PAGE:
The current law is only staying evictions or unlawful detainer actions for non-payment of rent.  Please read this memo: Letter re COVID-19 – UD

Civil trials will probably be continued until after June 1st.  The backlog will force most civil trials to be continued for months after that.  Most civil court hearings will be continued as well.  Issuance of new summons’ and Default judgments are stayed unless the public health is at risk.  Trials are also to be delayed 60 days unless the pubic health is at risk.  Read more here: April 6, 2020 Court Emergency Order on Summons, trials, etc.

If a tenants does not pay the rent,, the money is still due.  Tenants must prove an inability to pay the rent caused by the Covid-19 harm to business effects and the tenant will have one year to pay it back.  There are some technical legal issues, but landlords and tenants are encouraged to make a re-payment plan, however, there is a “legal secret” behind that to the detriment of landlords.  Nevertheless, I expect a flood of evictions from these issues.

While most things are negotiable, there are a few items which by law are allocated to the seller or buyer.  Even if allocated, so long as the legal obligation to perform is done, the parties can negotiate who pays for what.  See this memo as to costs applicable in Los Angeles including retrofit.  See this pdf: Seller pays for Retrofit and LA compliance certificate

As to allocation of title, escrow and some other closing costs, see this memo from a title company: Guide To California Closing Costs

Trial courts have great discretion as to determining what is a reasonable attorney fee.  Some judges look at what is a “market rate” and for high end clients they will pay $1,200 per hour.  In an unpublished opinion, Los Angeles Superior Court Judge William Fahey awarded attorney’s fees in favor of Latham Watkins, Gibson Dunn and Munger Tolles in excess of $1,200 per hour.

Judge Fahey in a case involving an professional and former Olympic beach volleyball player, Alan Jay Weil of Kendall Brill & Kelly, was awarded $850 which was his discounted rate in 2018 , discounted from his standard rate of $950; $360-$395 for the associate, discounted from $490; and $290 for the paralegals, discounted from $300.

The plaintiffs’ attorneys in a class action were denied attorney’s fees because some of the attorneys failed to disclose their lack of professional liability insurance to the client at the time the client retained the attorney.  The Court of Appeal concluded the agreement was unenforceable because of failure to comply with former rule 3-410 and reversed the fee award with directions to redetermine the division of fees. (Hance v. Super Store Industries (Cal. App. 5th Dist., Jan. 23, 2020) 2020 WL 373070.)  The new rule after 2018 is Rule 1.4.2.  Read the case:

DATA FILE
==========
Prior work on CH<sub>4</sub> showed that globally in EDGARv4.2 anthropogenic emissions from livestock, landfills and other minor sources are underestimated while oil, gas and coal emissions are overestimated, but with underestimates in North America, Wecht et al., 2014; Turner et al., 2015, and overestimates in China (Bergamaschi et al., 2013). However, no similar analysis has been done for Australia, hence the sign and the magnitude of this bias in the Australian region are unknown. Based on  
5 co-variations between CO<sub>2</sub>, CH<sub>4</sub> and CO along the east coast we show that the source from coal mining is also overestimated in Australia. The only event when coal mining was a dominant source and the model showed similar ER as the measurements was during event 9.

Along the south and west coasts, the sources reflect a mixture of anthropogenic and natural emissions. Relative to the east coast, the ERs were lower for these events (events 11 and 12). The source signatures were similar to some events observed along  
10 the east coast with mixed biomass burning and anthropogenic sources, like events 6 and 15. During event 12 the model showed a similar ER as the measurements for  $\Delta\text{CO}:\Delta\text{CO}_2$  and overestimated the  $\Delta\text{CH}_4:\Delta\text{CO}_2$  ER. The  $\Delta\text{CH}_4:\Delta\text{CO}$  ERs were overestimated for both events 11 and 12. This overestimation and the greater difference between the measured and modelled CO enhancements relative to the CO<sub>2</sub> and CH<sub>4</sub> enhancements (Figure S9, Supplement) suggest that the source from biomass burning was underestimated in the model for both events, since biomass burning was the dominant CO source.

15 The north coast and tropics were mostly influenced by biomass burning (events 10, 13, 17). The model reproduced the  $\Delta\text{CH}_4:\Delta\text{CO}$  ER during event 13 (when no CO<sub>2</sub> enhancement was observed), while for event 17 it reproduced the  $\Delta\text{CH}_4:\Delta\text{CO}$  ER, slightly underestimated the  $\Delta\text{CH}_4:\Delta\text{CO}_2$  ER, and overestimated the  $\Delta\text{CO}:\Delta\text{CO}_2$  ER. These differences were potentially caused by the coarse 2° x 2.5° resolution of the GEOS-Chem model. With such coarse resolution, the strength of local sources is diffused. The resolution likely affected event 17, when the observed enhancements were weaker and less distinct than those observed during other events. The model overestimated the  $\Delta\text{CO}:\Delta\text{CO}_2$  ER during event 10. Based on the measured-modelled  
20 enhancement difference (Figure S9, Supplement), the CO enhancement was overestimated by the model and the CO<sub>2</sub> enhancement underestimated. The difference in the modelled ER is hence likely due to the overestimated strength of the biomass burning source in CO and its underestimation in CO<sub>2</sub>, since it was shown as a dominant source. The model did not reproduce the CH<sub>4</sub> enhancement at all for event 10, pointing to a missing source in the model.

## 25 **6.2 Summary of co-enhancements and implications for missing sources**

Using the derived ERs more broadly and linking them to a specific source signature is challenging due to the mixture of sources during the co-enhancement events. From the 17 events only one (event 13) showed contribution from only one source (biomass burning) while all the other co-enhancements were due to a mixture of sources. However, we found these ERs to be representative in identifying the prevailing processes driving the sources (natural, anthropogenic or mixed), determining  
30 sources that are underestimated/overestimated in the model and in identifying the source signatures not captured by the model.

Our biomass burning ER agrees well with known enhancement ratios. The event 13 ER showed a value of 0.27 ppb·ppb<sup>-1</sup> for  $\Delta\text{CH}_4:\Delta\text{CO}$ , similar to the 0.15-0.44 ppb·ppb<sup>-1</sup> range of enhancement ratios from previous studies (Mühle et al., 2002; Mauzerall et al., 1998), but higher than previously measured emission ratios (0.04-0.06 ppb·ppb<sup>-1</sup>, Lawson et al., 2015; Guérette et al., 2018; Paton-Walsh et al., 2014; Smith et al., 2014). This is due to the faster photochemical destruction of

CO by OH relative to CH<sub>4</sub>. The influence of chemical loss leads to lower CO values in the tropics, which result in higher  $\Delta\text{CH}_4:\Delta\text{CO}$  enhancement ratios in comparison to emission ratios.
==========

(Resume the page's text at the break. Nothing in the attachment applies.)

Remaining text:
In Berkeley Cement, Inc. v. Regents of the Univ. of California (2019) 30 Cal.App.5th 1153, the court confirmed that a trial court may award mediation fees as costs, whether the mediation is court ordered or privately agreed to. In affirming the award of mediation fees as costs, Berkeley Cement noted that although mediation costs are not expressly allowable in the Code of Civil Procedure, such costs “fall within the category of costs that may be awarded in the trial court’s discretion.” (Id. at p. 1140.)

Waiver of the right to a jury trial cannot be imposed as a sanction.  In a Los Angeles unlawful detainer action, the pro per tenant (who was also pro per on appeal) appeared on the trial date without complying with a Los Angeles County Superior Court Civil Division unlawful detainer standing order. The court found “defendant had waived jury by not preparing for a jury trial,” and following a court trial, judgment was entered against her and possession of the premises was awarded to plaintiff. Because the court exceeded its authority in denying defendant’s right to be tried by a jury, the judgment was reversed.

The tenant/defendant had requested the Court to continue the matter to prepare jury instructions, etc.  But the Court found the defendant not credible legal reason why she was not prepared for trial.